- Mailing lists (Google Groups)
- Internal blog
- Private chats (Skype, IM)
- Public chat (IRC)
What is key here is that we use a mixture of public and private spaces for communication. One mailing list is open to anyone who would like to sign up. Another is specifically reserved for GV authors and editors. Public channels of communication provide a sense of transparency and outreach while private channels are important for community-building and trust.
This action was formerly achieved with memos and meetings.
Action 2: Collaborative Writing:
The roles of writer and editor are now constantly shifting. One day I am editing a post for someone and the next day they are editing something of mine. The 1990’s way of collaborative writing used to be sending around a Microsoft Word document with dozens of embedded comments. On special occasions we still do this at GV, but typically we use Google Documents or our Wiki to write documents together. For example, if we need to draft a letter to a hotel inquiring how much they charge for conference rooms, one person will start a Google Doc and then invite the rest of the editors to help edit and improve it.
Action 3: Water Cooler:
The proverbial water cooler is an incredibly important part of the office environment. Obviously, I’m not talking about the blue plastic jug … I mean some sort of social space where employees and volunteers can get to know each other outside of their working roles. At GV we do this in three different ways:
- The VOICE, an internal PDF newsletter
- GVCommunity.org, an aggregator of personal blogs of GV authors and editors
- Bday emails (we all love getting greetings on our bdays)
Action 4: Coordination/Calendar:
Lots of offices have giant whiteboards with grids of tape that sort of function as real-life calendar wikis. Online there are much more effective tools. To find the best time and day when we can all meet we use Doodle.ch. To keep track of dates we use Google Calendar. And because many of us travel so frequently, we enter in our upcoming travel itineraries on Dopplr.
Action 5: Accounting:
I’ve found that this tends to be the most challenging aspect for both office and virtual organizations alike. I would love to see an easy-to-use open-source accounting program in which a virtual organization can enter in its incoming money (for Global Voices, all our money – so far – comes from foundational grants.). Then, every peson who invoices the organization categorizes each invoiced expense and the software automatically generates charts and reports that are fully available to the public.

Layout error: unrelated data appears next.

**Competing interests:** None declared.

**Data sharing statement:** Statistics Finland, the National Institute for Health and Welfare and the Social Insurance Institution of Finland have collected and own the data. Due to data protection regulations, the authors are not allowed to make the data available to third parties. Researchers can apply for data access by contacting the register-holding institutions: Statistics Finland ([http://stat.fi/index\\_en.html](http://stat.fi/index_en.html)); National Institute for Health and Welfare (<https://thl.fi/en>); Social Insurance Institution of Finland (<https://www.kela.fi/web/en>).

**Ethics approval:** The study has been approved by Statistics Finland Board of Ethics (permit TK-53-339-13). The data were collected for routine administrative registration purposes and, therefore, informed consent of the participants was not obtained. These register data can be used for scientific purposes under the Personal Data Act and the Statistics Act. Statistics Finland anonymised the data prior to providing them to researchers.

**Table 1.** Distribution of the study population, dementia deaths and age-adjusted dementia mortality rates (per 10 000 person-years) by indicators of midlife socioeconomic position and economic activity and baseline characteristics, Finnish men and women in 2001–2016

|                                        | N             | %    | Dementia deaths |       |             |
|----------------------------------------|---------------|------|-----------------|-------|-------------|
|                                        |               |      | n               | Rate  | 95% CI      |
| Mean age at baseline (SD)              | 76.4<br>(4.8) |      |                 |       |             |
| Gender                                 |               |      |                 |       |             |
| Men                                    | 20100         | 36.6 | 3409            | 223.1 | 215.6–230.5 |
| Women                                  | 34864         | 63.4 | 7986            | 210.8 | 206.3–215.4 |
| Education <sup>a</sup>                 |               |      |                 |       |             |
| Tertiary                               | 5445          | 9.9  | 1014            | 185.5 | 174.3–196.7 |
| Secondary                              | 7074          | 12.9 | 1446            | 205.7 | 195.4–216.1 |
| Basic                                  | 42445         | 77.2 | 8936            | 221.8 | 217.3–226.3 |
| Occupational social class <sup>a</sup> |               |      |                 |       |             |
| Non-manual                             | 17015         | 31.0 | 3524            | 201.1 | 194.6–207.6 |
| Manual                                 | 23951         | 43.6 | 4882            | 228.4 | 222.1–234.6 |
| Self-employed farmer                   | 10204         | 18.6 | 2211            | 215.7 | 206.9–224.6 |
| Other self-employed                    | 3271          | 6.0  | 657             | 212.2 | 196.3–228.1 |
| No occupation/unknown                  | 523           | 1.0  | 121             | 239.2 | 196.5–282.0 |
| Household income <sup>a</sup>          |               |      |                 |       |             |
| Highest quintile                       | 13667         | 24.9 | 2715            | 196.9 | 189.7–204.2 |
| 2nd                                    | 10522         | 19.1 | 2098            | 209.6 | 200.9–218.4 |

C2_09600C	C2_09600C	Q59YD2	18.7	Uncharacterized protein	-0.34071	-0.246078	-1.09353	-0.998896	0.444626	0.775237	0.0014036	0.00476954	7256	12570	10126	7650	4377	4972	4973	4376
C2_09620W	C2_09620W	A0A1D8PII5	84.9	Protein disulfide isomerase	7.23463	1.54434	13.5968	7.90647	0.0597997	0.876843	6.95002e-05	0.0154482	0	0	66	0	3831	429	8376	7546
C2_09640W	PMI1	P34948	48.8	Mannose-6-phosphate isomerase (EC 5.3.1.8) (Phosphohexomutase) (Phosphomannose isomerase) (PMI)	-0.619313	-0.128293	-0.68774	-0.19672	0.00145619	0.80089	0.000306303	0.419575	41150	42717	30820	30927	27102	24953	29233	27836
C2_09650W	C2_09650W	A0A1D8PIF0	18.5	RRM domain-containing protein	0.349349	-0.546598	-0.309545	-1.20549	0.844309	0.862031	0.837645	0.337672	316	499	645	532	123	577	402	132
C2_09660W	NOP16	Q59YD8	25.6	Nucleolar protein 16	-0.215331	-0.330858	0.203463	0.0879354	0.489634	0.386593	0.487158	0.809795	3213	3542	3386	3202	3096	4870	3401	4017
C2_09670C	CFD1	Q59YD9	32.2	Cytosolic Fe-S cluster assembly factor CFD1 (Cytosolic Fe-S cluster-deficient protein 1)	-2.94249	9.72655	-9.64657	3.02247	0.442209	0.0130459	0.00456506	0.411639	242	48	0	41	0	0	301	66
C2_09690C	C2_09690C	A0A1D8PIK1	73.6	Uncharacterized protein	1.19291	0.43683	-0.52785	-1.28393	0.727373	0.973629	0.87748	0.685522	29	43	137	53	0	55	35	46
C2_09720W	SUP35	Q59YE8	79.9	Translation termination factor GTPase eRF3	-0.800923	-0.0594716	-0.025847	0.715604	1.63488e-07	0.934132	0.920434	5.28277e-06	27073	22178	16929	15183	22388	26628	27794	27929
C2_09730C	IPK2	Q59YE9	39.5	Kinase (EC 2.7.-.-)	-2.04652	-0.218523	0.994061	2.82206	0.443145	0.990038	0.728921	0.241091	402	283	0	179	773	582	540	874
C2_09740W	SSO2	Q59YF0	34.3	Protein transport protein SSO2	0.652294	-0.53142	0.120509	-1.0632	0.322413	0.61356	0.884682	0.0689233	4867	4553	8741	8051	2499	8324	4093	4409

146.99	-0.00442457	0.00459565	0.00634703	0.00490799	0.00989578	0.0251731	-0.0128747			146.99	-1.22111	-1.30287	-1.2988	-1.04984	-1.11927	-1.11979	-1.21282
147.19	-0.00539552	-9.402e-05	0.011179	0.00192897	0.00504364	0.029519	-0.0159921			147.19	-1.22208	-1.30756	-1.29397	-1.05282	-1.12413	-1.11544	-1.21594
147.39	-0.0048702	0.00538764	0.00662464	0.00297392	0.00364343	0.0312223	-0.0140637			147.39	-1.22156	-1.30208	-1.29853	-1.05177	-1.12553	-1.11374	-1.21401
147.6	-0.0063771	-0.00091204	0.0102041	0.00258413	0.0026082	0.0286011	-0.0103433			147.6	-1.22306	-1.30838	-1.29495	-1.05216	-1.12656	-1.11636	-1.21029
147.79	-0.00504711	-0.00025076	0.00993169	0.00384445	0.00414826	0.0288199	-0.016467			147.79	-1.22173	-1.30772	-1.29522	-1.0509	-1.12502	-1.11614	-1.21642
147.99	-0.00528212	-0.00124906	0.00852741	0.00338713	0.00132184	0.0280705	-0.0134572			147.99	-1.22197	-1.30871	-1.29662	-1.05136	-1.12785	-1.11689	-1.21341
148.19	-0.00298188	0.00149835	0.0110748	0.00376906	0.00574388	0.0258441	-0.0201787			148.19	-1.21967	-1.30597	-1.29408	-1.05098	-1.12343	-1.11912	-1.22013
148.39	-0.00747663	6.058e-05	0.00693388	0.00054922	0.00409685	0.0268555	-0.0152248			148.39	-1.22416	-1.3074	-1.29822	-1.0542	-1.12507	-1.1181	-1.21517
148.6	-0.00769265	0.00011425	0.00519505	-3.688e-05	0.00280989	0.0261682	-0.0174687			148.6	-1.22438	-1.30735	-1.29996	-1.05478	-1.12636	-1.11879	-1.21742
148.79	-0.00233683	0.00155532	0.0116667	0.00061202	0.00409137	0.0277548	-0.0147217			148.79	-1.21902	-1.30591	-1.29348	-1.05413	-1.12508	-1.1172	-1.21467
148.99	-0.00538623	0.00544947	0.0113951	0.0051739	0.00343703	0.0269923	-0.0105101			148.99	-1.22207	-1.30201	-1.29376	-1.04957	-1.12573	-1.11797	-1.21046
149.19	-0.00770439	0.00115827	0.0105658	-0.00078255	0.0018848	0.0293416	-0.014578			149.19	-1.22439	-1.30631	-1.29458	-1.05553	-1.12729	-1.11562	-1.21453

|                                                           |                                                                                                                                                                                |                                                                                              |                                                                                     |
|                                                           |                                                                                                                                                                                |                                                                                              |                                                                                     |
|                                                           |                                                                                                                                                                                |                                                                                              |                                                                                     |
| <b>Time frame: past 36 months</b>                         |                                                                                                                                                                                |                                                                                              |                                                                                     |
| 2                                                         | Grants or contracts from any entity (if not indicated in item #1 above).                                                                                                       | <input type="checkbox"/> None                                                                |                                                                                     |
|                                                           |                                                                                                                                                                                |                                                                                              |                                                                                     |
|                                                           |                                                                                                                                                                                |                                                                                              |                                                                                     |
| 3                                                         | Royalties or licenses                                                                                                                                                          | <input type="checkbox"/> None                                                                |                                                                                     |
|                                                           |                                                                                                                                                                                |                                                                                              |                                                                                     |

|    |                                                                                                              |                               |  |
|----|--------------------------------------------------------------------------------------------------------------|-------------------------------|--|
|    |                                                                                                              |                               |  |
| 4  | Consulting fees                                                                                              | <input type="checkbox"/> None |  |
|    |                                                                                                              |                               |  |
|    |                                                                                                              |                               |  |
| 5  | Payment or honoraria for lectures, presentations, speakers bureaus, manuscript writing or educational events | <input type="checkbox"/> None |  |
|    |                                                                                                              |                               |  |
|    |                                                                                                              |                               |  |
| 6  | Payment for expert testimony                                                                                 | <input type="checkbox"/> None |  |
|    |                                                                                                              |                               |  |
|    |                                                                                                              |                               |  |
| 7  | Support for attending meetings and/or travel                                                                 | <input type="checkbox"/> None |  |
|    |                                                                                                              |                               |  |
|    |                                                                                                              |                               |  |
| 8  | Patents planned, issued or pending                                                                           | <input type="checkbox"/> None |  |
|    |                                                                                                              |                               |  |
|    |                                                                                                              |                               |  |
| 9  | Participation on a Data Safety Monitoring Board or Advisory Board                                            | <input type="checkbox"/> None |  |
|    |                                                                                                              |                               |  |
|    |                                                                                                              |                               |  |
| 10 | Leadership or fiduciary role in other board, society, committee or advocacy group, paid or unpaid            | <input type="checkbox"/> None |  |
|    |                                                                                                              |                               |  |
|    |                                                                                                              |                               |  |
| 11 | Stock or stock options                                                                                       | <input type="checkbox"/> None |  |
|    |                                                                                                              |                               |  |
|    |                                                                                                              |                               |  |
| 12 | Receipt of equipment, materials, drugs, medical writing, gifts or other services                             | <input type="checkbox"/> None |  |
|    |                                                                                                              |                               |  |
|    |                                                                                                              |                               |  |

It doesn’t have to reveal how much each employee is making, but it should give the public general information about how much money is spent on, for example, translation, travel, technology, etc.
Organizations and businesses that benefit from the labor of volunteers (Mozilla Foundation, Apache Foundation, Drupal Foundation, Automattic, Global Voices, and others) should feel obligated to be as transparent as possible about their finances.
Action 6: Strategizing:
In most organizations strategizing is strictly left to the top of the pyramid. While it’s true that those with the most responsibilities are usually best equipped to think about the future directions of an organization, a great idea can come from anywhere. This goes back to the first option of “staying in the loop”. If all members of an organization have access to all discussions, then they are better equipped to contribute innovative and relevant ideas.
I know this seems like a ridiculously long post, but really it’s just a brief outline of some of the things to keep in mind when an organization wants to move from an offline office to an online workspace. If you think that one custom Drupal install is going to solve all of your organization’s needs … well, there’s just no way.
I think that what has been key to Global Voices’ relatively harmonious ‘working environment’ is that anyone who feels that he or she needs to be heard, is confident that he or she will be. This is much less true of the offices I’ve worked at where I typically had no idea who to go to for what.
In future posts I’ll try to document what software I use for content production (ie. blogging, podcasting, and video).